JOHANNESBURG, South Africa (Reuters) -- U.S. pop star Madonna's attempts to adopt a Malawian child hit a snag after the court-appointed official on the case was refused permission to travel to Britain.
Madonna pictured in Malawi with David Banda.
One of Malawi's leading weeklies reported on Sunday that the Minister of Women and Child Development Kate Kainja refused to allow Penstone Kilembe to travel to assess the suitability of Madonna and her husband, film director Guy Ritchie.
The minister was not immediately available for comment, but Kilembe confirmed the minister had stopped him making the trip.
Madonna took David Banda last October when he was 13 months old after his father Yohane Banda had placed him in an orphanage following the death of his wife.
The High Court of Malawi appointed Kilembe to travel to Britain twice and was to have relied on his testimony in ruling whether Madonna should adopt the child in a hearing next year.
The Malawi News newspaper reported that the minister accused Kilembe of obtaining an air ticket and money from Madonna without government approval.
"We have already contacted Madonna that someone else and not Kilembe will come to assess her, because we feel Mr Kilembe personalized the whole issue when other people can go," the Minister told the newspaper.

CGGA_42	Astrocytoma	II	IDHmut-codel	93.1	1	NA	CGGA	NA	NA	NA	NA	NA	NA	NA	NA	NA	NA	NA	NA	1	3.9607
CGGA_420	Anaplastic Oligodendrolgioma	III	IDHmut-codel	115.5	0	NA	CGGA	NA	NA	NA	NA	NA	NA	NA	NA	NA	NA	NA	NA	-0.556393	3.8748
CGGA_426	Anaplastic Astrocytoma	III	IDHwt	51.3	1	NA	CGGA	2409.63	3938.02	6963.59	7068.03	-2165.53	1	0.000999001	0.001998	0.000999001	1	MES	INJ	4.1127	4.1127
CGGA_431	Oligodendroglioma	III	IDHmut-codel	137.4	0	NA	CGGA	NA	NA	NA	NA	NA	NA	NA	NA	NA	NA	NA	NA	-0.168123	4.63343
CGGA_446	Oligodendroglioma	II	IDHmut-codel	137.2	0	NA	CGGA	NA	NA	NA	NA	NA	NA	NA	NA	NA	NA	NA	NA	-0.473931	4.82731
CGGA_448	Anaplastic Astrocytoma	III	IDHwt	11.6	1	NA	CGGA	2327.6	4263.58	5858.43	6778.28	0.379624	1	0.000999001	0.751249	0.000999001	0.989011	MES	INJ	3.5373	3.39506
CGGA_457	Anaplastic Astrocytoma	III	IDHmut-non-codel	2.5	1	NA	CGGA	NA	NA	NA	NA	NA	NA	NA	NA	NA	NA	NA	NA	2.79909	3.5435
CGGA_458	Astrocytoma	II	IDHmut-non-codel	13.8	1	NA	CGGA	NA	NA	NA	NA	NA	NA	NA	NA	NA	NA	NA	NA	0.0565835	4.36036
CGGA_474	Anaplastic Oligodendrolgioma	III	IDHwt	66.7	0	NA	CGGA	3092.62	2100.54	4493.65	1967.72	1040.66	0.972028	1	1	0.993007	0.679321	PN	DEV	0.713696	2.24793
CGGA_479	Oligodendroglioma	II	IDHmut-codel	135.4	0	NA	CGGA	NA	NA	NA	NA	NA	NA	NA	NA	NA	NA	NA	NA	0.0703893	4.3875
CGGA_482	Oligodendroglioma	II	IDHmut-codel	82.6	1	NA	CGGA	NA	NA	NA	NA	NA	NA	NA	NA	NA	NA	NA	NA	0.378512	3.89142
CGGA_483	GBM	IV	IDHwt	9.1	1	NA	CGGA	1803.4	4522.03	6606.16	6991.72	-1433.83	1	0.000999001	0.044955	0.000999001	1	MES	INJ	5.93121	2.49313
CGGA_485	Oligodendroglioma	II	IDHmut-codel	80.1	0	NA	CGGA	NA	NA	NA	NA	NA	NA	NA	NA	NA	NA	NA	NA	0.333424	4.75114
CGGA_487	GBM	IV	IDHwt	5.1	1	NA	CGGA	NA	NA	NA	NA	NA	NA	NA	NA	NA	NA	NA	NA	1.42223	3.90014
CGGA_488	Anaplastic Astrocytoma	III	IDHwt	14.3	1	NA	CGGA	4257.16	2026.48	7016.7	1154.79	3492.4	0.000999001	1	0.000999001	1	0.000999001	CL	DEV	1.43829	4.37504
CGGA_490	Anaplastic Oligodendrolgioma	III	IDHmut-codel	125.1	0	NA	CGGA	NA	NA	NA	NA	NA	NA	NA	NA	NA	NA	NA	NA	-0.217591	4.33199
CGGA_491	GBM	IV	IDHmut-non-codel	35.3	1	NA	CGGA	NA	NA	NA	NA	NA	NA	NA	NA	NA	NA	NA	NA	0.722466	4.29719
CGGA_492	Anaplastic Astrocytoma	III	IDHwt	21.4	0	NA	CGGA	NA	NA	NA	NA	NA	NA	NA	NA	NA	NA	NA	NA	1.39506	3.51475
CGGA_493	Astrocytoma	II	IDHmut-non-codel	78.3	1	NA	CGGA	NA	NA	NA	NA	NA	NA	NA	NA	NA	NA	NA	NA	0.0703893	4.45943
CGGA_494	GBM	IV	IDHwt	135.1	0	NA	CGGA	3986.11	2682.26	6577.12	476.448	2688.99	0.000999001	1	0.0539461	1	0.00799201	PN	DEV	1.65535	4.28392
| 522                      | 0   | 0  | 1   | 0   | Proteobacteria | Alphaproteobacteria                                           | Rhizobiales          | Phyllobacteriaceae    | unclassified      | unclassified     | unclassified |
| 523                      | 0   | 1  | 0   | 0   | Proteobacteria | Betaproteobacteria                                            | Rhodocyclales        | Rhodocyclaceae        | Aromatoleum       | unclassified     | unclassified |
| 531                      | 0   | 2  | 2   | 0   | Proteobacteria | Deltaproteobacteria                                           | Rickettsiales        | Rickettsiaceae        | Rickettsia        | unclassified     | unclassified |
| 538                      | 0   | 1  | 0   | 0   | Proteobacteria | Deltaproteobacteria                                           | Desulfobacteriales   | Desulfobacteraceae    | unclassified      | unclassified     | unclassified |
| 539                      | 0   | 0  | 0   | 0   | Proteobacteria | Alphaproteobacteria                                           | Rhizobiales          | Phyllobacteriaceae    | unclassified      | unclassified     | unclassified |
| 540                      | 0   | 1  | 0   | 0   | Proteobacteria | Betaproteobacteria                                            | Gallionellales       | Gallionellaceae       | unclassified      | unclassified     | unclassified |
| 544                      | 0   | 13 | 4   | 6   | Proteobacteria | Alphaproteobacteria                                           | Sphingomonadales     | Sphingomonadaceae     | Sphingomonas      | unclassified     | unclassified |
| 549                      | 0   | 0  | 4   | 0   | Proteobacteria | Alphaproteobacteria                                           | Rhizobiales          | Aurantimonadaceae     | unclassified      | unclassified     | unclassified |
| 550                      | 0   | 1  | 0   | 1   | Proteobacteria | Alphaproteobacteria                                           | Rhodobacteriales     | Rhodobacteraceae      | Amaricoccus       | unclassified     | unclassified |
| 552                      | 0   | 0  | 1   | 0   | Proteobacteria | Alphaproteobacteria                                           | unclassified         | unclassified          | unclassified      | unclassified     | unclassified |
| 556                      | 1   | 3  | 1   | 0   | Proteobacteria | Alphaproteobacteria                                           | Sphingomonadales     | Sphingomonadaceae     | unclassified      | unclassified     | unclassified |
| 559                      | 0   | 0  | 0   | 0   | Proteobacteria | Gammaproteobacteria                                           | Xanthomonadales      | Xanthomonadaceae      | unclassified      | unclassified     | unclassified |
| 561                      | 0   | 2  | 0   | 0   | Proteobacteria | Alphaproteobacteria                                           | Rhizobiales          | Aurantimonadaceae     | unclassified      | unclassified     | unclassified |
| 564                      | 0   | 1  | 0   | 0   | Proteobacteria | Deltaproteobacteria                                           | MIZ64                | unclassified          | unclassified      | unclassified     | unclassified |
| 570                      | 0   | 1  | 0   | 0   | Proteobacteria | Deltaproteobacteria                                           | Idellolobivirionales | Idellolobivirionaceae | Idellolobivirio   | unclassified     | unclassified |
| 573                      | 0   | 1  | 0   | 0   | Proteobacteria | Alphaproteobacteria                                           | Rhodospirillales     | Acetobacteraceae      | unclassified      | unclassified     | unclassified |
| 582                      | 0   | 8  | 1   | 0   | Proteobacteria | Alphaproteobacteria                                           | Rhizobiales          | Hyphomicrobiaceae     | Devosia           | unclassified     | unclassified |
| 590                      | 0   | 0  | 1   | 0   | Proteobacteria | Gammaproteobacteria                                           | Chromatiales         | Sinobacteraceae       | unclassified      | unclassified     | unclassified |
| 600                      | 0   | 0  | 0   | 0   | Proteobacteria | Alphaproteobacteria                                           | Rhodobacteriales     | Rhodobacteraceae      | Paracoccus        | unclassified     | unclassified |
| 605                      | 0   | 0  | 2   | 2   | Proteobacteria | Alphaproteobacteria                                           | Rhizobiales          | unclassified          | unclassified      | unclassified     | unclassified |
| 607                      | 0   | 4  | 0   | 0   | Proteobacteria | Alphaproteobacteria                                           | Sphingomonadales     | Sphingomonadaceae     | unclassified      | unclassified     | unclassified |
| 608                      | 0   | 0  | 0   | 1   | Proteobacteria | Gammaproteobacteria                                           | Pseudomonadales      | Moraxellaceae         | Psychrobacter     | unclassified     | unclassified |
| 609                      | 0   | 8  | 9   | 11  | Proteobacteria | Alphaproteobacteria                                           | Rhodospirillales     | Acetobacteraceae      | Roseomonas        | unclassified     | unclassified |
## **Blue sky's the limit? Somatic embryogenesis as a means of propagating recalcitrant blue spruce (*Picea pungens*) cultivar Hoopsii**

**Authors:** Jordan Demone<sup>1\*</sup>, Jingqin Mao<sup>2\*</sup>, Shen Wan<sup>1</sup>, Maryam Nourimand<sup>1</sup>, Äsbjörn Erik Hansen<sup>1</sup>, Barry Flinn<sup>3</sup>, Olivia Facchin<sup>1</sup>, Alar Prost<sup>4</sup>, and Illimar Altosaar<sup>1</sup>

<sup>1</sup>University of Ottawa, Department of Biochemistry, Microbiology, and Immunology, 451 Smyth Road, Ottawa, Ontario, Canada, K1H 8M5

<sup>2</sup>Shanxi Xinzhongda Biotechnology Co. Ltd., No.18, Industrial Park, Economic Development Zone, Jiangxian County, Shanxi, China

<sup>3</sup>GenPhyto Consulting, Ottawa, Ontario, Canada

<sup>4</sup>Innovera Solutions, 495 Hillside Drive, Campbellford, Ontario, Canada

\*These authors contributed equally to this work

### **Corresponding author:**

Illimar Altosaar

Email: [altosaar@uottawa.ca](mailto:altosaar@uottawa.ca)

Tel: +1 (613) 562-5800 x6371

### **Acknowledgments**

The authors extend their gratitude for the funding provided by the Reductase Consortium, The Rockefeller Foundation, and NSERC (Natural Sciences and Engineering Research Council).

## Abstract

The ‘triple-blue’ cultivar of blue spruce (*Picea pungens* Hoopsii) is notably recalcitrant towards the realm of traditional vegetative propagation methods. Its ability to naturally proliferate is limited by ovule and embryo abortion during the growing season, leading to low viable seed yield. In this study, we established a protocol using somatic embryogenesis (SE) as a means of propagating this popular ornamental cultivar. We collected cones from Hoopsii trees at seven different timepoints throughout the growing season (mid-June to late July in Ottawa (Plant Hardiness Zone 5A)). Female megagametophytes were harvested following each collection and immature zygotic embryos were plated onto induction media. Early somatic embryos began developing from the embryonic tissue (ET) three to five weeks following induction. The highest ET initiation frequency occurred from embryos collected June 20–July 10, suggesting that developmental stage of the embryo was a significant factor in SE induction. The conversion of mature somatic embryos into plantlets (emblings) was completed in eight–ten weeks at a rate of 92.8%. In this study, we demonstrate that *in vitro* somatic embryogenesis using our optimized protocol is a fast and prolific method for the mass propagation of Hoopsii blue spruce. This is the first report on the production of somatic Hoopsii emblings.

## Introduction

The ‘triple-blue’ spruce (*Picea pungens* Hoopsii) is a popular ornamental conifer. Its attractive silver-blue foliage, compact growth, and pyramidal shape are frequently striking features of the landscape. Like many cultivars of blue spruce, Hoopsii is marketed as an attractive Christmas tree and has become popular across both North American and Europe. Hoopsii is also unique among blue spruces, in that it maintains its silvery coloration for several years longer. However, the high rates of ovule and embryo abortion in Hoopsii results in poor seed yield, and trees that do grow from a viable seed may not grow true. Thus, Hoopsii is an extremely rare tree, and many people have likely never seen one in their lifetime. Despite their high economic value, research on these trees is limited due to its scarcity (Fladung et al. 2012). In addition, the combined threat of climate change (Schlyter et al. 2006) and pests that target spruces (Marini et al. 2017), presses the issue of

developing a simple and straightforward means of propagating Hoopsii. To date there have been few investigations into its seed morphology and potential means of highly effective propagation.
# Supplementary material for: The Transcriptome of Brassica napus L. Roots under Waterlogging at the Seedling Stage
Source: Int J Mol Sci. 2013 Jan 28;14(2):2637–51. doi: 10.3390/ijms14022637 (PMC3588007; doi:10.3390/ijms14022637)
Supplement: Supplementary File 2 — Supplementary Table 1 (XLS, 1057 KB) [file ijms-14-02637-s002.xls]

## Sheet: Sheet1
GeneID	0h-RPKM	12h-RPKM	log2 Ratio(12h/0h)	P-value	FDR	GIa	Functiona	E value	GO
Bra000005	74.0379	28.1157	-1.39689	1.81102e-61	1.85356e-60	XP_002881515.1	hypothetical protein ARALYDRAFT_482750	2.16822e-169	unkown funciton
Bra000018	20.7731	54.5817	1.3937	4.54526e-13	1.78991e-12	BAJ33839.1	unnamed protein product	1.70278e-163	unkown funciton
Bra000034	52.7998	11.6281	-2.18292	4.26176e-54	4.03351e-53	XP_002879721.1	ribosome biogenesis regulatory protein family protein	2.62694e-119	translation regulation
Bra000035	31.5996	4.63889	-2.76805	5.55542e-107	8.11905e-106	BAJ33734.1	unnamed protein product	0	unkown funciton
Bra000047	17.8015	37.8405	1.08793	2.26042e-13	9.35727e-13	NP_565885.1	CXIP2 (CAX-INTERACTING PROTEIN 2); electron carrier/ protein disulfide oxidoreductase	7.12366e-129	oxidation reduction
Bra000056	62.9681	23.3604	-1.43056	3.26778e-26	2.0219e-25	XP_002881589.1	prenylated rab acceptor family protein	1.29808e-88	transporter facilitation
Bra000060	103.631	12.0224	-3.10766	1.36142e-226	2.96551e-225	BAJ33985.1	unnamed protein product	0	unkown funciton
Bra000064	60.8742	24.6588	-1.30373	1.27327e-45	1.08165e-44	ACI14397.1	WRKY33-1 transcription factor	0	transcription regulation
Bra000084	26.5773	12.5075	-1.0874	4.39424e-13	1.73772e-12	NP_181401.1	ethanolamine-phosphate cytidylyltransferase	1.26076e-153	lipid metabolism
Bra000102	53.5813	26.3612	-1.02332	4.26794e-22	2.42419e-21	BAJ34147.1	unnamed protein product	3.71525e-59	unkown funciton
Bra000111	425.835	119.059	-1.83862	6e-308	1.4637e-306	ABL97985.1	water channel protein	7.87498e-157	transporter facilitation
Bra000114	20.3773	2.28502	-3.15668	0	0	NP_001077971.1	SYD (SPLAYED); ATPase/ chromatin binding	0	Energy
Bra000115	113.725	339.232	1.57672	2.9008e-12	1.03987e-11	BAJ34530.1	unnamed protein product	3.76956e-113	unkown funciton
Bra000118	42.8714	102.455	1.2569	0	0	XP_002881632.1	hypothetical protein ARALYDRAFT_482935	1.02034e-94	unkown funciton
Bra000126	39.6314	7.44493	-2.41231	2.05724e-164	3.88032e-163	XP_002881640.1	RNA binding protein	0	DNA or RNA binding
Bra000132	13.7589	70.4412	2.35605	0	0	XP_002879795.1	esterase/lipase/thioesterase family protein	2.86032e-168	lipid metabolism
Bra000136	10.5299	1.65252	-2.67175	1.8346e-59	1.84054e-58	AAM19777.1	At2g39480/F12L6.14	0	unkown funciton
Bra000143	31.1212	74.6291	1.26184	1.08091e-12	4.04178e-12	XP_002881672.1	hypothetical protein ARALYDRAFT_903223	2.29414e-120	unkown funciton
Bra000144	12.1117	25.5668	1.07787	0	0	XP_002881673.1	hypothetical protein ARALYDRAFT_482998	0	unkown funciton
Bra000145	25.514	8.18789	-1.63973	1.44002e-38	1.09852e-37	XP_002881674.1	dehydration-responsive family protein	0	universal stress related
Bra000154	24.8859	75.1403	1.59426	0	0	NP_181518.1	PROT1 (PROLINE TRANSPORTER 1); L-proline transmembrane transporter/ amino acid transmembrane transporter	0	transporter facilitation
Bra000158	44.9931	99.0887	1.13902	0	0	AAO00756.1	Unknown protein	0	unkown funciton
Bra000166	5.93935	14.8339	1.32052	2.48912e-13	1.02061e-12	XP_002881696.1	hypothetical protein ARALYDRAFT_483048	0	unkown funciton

Kilembe dismissed suggestions that he personally asked Madonna for an air ticket.
"What this means is that the whole adoption process may crumble and David sent back to his village," he told Reuters.
Justin Dzonzi, a human rights lawyer who led a 65-member rights group challenge to Madonna's adoption, also said the minister's decision could halt the adoption process.
"The Minister cannot change what the court set by having another person to do the assessment, the court will not listen to anyone else apart from the one it appointed," he said.
Dzonzi filed the case arguing that Malawi laws forbid international adoption and therefore the government broke its own laws by granting Madonna an interim adoption. E-mail to a friend
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